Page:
Guard Dogs: Newfoundlands' Lifesaving Past, Present

Newfoundlands are large, sturdy dogs known for their intelligence and gentle disposition—and centuries of service rescuing people from drowning. While the hunky breed is better known today as a pet, a few still serve as lifeguards in the United States.

Named for the Canadian province where it originated, the Newfoundland's webbed feet, rudder-like tail, and water-resistant coat make it a natural swimmer. But over the centuries it is the dog's devotion to people that has made it a hero. The plucky breed is credited for pulling so many people in distress from the water that it has earned its nickname "lifeguard dog."

Following an instinctive urge to rescue people in need, Newfoundlands use big, powerful strokes to swim out to a person in trouble and they use their large mouths to grab and tow someone to the safety of the shore.

If a swimmer is unconscious, the dogs have been taught to grab the person's upper arm in their mouth. This rolls the person onto his back, keeping his face out of the water.

Image: Barnabus the Newfoundland

A Newfoundland named Barnabus rests during a disaster training seminar. The large, sturdy breed is known for its intelligence and gentle disposition—and centuries of service rescuing people from drowning.

Photograph copyright Nicki Gundersen

Tune in to our cable television channels in the United States and worldwide to watch the regular series Dogs With Jobs.

Now in its third season, Dogs With Jobs focuses on our best friends in the animal world, from canines that help people cope with and recover from illnesses, to those that search and rescue people in danger.

Dogs help children learn to read, star in movies, herd livestock, and search for landmines. They come in all shapes and sizes, but all of them have loyalty and dedication to serve in common .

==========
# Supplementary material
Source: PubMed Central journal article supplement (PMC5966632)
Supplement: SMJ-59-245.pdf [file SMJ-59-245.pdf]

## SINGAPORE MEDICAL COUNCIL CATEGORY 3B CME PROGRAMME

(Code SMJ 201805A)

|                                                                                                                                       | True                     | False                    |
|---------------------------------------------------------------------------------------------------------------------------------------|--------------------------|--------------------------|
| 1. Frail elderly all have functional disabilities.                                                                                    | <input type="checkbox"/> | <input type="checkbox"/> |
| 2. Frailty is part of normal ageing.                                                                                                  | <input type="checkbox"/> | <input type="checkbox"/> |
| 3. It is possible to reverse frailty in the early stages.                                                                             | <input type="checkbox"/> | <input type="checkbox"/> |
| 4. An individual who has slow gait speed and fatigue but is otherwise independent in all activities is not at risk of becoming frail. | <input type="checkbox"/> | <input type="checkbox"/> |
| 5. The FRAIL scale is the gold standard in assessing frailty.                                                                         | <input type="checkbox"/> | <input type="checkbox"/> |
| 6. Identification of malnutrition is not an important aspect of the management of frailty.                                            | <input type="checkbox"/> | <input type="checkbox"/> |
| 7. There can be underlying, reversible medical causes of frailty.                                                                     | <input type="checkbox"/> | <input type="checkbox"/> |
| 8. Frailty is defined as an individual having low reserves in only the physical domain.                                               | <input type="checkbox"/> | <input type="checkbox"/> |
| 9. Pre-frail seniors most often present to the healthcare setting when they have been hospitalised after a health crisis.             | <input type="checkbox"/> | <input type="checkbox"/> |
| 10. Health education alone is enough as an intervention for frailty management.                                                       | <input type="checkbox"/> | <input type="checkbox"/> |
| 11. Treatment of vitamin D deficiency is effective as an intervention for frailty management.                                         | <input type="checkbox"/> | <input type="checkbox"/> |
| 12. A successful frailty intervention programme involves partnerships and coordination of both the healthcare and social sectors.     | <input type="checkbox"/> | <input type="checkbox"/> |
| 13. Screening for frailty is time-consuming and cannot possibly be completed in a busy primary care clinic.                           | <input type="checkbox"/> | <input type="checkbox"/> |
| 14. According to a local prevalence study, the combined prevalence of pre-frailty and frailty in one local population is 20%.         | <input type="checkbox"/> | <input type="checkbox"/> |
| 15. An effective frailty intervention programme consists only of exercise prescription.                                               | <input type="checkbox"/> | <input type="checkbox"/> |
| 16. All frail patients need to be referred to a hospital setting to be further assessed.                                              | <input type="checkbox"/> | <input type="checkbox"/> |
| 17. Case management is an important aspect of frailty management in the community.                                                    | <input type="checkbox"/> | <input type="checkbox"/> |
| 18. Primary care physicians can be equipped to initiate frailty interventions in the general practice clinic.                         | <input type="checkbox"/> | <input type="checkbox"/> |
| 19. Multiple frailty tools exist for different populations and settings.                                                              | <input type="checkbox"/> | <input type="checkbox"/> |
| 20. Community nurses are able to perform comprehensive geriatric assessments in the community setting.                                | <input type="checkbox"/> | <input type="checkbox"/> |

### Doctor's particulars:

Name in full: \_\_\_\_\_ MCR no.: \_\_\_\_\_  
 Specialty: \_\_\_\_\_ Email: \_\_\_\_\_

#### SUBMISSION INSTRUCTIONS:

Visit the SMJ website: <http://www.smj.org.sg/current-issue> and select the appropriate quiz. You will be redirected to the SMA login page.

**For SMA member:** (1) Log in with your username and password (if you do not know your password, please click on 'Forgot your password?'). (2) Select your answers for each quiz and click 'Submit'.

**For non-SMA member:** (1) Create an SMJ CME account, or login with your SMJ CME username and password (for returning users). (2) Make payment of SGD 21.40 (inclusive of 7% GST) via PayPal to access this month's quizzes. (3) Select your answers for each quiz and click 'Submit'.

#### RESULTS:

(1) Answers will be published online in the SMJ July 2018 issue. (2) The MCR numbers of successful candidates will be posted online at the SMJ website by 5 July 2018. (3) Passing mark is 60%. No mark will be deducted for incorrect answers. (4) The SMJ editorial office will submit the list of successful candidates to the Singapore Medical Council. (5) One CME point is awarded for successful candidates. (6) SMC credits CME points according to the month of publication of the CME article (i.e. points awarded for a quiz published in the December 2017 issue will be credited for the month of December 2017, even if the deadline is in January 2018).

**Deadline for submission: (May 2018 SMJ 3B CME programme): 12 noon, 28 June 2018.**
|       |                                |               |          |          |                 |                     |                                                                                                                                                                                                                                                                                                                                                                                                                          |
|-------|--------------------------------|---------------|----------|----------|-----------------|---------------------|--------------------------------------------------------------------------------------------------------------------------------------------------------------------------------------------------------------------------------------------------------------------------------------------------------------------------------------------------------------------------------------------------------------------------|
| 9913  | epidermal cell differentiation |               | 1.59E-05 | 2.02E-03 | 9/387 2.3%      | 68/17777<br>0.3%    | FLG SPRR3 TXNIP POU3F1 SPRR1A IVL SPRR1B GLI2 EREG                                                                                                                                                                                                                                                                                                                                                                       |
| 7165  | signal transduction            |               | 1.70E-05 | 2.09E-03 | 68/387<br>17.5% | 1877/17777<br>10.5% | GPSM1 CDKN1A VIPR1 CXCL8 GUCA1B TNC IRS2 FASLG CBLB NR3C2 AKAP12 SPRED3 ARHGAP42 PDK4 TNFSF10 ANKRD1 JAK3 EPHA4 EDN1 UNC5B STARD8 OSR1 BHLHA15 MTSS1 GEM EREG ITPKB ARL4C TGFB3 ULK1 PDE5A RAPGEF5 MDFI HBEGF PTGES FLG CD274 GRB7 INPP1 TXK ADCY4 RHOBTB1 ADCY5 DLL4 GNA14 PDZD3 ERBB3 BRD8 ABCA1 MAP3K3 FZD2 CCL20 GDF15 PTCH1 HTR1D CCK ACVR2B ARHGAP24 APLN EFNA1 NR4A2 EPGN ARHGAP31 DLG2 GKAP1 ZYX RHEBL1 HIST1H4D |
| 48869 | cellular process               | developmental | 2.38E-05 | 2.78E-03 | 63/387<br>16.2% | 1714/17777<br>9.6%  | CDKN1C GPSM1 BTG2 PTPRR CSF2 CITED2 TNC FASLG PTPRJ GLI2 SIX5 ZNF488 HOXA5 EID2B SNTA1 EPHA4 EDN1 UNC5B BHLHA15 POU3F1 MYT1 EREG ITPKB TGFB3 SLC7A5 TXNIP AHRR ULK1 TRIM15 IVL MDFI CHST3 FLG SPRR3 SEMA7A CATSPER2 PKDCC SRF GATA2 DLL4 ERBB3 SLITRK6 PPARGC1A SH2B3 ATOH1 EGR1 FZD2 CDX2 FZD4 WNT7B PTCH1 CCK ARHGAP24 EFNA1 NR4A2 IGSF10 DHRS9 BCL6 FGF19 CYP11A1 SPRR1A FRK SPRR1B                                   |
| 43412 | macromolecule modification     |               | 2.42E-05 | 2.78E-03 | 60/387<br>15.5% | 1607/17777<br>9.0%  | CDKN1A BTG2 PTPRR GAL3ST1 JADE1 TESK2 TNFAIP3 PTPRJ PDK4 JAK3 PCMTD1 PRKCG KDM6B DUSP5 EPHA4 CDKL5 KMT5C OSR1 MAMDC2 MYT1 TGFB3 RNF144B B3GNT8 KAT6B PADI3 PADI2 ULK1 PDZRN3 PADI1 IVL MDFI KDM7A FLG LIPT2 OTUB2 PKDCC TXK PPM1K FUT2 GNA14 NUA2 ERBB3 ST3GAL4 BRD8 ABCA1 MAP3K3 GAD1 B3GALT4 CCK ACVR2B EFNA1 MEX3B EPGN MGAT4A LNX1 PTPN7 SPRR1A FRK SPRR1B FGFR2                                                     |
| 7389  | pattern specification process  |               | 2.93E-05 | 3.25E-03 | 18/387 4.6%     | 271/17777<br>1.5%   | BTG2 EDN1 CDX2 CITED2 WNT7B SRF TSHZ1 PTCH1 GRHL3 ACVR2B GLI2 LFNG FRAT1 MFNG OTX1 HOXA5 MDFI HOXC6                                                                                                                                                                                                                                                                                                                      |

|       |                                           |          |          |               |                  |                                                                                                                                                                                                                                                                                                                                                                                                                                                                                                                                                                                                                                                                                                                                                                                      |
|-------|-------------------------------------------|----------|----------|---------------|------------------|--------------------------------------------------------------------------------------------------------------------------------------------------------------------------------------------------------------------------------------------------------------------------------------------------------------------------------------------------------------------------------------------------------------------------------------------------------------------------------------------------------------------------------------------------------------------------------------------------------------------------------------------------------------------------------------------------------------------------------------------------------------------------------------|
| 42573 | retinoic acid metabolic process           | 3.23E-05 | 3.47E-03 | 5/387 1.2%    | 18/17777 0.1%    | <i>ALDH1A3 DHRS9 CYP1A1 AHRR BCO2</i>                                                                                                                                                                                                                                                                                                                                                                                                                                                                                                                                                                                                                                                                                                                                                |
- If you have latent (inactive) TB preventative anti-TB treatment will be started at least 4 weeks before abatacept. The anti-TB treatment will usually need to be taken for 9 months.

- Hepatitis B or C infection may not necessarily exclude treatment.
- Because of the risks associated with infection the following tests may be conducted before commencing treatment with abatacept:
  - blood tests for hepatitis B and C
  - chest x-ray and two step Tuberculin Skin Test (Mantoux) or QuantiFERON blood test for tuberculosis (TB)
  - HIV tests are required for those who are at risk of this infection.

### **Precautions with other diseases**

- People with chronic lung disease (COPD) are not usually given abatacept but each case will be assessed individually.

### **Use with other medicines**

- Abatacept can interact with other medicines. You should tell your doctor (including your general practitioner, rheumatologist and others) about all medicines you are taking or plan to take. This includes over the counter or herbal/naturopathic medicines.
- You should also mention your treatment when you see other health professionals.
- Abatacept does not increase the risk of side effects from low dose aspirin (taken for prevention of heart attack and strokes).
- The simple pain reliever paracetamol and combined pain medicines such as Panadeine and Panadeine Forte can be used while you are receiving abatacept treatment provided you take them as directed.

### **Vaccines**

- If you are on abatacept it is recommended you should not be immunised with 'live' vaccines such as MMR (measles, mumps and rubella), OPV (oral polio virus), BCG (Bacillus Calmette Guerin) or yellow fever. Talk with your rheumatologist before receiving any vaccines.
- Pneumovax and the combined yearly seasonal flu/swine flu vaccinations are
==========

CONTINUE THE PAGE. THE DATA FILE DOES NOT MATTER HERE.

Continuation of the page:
Newfoundlands do all this by training. But they also seem to instinctively know when people are in danger of drowning and don't have to be prompted to spring into action, according to breeders.

These innate abilities were so widely respected in the 1800s that the dogs were considered "required lifesaving equipment" along the coast of England.

From Beaches to Boats

The Newfoundland's strong swimming skills and intelligence also earned it a job on European and American sailing vessels. In 1919, when a ship called Ethie ran aground off the Canadian coast, historians credit a Newfoundland named Tang for saving the entire crew. The massive dog is said to have jumped into the turbulent sea and swam to shore with the ship's rope in his mouth. People on the beach secured the line and used it to bring all 92 crewmembers safely to safety.

Tang's good deed didn't go unnoticed. Historians say the dog received a medal for bravery from the famous insurance company, Lloyds of London, which it wore for the rest of its life.

While many things have changed in the world since the Ethie sank, the Newfoundland's uncanny ability to know when people need help has not.

In 1995 Boo and his owner were out for a stroll along the Yuba River in Northern California. As they made their way around a bend, the 10-month old dog spotted trouble. Without hesitation, he dove into the water and swam toward a man, who was holding onto a red gas can, desperately trying to stay afloat in the swollen current. Boo grabbed the man's arm and pulled him safely to shore.

The man was a deaf-mute and couldn't call for help, said Janice Anderson, Boo's breeder. He had fallen into the river while gold dredging.

"Boo had no formal training in water rescue," explained Anderson, a Newfoundland breeder for 30 years. "It was just instinct. He picked up on the fact that there was someone in distress and then dealt with the situation."

The Newfoundland Club of America, in Cheyenne, Wyoming, awarded Boo a medal for his heroism in 1996.

Water Search Dogs

Today only a few Newfoundlands officially work as lifeguards. In England, Bear helps train teen lifeguards at the Cotswolds Water Park. In Italy, Mas has been coached by trainer Ferugio Pelenga to leap from helicopters into the ocean to rescue people from drowning. And in the United States, Moby, a crew member on Rapture Marine Expeditions in California, watches up to 150 young people on board at a time.

Newfoundlands are one of the most versatile of all dogs that work. In addition to saving people from drowning, their sweet disposition and gentle nature shines through in therapy work. The breed's beauty and brawn has also made it a successful competitor in the show ring as well as in drafting, obedience, and water trials.